After fifteen years of NGO struggle, France is preparing to adopt a mechanism to return assets to the population that were confiscated in cases that foreign leaders have referred to as “unlawful gains”.
Once the measure is voted on on Tuesday in the House and on July 21 in the Senate, a broad project is opened for its implementation in the countries concerned, via development projects.
What is “unfair gain”?
“Illicit goods” refers to assets and public goods that have been embezzled by foreign leaders or their close relationships for personal purposes: luxury real estate, cars, watches, bank accounts…
France has always been seen as a privileged destination for these legacies. In 2008, Sherpa and the NGO Transparency International filed a complaint against leaders from Gabon, Congo-Brazzaville and Equatorial Guinea, paving the way for investigations.
The most advanced measure concerns Teodorin Obiang, the son of the president of Equatorial Guinea, who was sentenced on appeal on February 10, 2020 to three years in prison suspended and €30 million in fines and confiscation. A ruling from the Court of Cassation is expected on July 28.
What is the French mechanism?
Since 2003, the UN Merida Convention (Mexico), signed by many countries, has established the principle of returning the fruits of corruption to the looted countries. But refund mechanisms are still rare: they are especially present in the US, UK and especially since the 2015 law in Switzerland, where it is considered the most successful system.
France, in turn, is preparing to adopt a mechanism, through a bill dedicated to solidarity development, to be finally adopted on July 21.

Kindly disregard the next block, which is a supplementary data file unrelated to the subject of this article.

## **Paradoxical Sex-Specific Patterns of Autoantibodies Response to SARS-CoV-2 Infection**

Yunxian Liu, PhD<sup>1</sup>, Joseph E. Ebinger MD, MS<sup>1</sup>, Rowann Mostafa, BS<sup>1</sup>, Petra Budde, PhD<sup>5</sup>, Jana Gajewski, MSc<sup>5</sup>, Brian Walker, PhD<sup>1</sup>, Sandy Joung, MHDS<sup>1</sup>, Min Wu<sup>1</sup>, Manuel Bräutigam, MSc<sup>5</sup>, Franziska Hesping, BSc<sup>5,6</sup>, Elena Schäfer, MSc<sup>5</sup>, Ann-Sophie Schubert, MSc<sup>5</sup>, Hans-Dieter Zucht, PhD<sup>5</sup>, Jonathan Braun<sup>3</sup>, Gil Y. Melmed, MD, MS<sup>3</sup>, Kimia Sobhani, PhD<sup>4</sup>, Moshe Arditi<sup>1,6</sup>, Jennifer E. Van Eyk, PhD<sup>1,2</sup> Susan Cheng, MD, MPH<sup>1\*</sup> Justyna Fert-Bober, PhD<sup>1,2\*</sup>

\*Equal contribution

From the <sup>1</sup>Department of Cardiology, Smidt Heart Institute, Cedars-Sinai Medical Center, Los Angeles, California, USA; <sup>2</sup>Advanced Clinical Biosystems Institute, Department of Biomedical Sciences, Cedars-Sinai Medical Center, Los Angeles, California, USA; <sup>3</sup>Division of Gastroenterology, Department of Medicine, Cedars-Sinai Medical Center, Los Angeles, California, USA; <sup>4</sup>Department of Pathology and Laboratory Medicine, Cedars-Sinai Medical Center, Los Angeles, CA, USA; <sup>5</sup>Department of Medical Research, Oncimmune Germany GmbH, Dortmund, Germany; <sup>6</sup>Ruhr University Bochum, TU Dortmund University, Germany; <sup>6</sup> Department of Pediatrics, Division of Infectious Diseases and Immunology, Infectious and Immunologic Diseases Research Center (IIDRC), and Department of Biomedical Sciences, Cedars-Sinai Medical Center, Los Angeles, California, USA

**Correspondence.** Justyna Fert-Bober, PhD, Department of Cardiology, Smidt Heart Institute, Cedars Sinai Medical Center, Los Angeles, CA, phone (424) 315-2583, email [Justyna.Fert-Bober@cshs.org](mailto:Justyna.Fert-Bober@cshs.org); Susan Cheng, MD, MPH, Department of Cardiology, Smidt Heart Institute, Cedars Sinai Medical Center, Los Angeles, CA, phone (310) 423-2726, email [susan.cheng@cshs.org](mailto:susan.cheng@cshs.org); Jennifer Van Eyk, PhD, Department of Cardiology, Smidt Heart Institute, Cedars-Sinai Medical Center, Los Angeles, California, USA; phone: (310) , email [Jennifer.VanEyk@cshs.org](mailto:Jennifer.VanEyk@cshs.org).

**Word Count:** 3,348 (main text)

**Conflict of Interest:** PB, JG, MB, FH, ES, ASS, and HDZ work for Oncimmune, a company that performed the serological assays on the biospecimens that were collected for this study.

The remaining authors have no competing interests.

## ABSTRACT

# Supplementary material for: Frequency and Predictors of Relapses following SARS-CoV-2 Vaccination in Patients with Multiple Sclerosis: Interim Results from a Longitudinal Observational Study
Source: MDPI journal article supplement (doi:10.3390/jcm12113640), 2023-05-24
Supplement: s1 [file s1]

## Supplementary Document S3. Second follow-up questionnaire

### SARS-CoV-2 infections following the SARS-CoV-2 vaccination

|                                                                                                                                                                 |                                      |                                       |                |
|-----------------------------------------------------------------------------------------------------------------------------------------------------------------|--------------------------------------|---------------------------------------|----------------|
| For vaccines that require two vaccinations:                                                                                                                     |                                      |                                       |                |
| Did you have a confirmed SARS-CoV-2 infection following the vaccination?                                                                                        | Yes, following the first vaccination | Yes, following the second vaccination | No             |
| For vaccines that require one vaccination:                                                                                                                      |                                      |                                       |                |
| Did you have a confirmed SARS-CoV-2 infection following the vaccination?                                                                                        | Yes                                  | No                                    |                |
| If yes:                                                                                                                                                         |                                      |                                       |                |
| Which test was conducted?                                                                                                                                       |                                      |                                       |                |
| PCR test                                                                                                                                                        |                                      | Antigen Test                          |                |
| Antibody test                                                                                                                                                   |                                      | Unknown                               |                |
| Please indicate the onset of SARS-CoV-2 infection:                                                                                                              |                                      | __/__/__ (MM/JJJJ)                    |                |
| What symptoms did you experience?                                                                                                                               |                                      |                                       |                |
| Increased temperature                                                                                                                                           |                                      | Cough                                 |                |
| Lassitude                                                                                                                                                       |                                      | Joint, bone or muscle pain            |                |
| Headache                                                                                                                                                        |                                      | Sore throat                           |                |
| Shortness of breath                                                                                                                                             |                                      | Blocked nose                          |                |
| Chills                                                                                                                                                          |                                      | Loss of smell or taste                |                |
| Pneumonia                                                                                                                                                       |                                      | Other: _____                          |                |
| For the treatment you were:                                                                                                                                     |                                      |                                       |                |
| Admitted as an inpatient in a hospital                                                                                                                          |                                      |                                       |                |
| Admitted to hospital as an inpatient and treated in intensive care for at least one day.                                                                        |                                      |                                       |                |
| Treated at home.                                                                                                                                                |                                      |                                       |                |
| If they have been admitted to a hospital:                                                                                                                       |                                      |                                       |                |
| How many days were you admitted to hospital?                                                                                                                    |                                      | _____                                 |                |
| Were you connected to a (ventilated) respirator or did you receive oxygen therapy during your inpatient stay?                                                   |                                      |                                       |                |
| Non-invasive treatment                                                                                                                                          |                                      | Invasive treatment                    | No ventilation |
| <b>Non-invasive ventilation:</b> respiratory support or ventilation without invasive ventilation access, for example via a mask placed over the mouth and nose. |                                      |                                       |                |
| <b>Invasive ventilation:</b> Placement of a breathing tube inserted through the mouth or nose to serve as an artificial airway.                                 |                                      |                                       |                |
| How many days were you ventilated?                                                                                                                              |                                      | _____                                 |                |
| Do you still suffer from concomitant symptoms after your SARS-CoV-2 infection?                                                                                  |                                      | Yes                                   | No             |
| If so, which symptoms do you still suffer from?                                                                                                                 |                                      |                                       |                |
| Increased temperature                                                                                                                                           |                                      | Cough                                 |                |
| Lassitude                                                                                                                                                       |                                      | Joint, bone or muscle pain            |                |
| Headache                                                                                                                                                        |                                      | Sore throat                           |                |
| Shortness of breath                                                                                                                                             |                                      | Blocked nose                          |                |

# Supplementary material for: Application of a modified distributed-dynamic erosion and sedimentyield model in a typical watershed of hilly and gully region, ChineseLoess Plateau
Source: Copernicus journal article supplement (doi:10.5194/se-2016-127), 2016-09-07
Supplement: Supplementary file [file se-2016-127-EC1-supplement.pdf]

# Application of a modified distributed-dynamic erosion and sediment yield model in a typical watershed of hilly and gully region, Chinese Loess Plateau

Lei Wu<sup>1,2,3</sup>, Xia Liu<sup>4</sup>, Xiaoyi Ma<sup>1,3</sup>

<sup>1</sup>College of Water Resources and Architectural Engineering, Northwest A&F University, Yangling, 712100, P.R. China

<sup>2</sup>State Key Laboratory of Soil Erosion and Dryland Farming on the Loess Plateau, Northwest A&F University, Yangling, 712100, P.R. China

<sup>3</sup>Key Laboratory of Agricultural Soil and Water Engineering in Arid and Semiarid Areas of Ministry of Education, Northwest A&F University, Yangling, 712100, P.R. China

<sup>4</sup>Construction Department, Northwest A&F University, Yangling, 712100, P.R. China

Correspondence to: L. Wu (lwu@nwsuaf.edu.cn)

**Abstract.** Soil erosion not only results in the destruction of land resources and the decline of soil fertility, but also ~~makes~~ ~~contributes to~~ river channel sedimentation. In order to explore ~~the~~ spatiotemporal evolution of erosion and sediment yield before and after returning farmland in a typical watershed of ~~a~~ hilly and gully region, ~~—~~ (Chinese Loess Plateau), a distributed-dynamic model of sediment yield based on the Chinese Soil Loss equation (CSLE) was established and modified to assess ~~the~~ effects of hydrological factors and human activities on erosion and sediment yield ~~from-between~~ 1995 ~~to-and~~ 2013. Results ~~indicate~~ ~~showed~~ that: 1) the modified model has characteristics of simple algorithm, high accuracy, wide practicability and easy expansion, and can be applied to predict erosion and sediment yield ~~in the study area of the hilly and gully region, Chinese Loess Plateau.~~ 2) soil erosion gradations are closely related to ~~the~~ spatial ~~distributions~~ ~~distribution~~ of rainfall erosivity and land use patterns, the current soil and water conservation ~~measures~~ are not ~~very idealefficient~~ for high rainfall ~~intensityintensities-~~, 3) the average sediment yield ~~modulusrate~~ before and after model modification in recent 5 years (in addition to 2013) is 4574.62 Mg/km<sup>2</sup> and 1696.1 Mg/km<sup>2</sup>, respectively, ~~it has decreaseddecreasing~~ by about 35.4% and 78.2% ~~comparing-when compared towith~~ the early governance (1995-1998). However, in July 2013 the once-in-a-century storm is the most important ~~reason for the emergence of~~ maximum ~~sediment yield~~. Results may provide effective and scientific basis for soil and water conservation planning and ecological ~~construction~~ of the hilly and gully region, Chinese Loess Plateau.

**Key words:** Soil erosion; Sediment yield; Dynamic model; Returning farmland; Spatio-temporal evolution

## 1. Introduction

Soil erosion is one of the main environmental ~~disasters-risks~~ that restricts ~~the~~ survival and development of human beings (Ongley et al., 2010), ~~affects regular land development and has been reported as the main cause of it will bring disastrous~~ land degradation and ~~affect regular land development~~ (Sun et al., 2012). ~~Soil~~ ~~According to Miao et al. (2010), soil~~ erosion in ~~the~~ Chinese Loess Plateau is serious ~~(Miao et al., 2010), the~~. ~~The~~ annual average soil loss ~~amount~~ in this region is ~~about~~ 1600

It provides for “the recovery, as soon as possible from the residents of the foreign state in question”, and “the income from property confiscated from persons who have been conclusively convicted of money laundering, concealment…”
How is it implemented?
In practice, a specific budget line item, supplemented by the resale of goods, is foreseen in the French budget under the responsibility of the Ministry of Foreign Affairs. “Cooperation and development actions” should be funded “on a case-by-case basis” in the countries concerned, in the areas of health, education, gender equality, etc.
The first concrete case should be that of Equatorial Guinea. With the uncertainty about whether the credits can be shown this fall in the 2022 budget or only in the 2023 budget, it is time to resell the confiscated goods, estimated at 150 million euros by NGOs.
“It will not count as ODA, because it is money that is not ours. The usual budget mechanisms will not apply: there will be no reserve rate” (margin held by the state), and “There will be an automatic transfer of credits from one year to the next if they are not used.”, confirms a diplomatic source.
Why is it difficult?
Reparations must combine respect for the “sovereignty” of the countries concerned and the involvement of civil society to prevent funds from returning to corrupt circles.
A delicate mission in Equatorial Guinea, led by Teodoro Obiang Nguema for nearly forty-two years. “There is hardly any independent civil society, almost all of our partners there are exiles, and it can be complicated.”, notes Sarah Brembieoff of the NGO Transparency, who applauds the future mechanism but remains “vigilant.”
According to AFP information, contacts have already been made between France and the authorities of Equatorial Guinea to explain the compensation philosophy.
Some parliamentarians regret that the mechanism remains under the supervision of the Ministry of Foreign Affairs. The response should not be mixed with other diplomatic matters. Emily Carrillo, a former LREM MP, warns.
Finally, to recover other “illegal” assets, it “You’ll have to get to know them first.”Lawyer Nicola Bonucci, a former expert at the Organization for Economic Co-operation and Development, insists. “This will only make sense if France adopts a proactive policy.” Detecting illicit financial flows.
As such, the “trust in justice” bill currently under consideration and limiting it to three years of preliminary investigations worries NGOs, while financial inquiries are often very complex.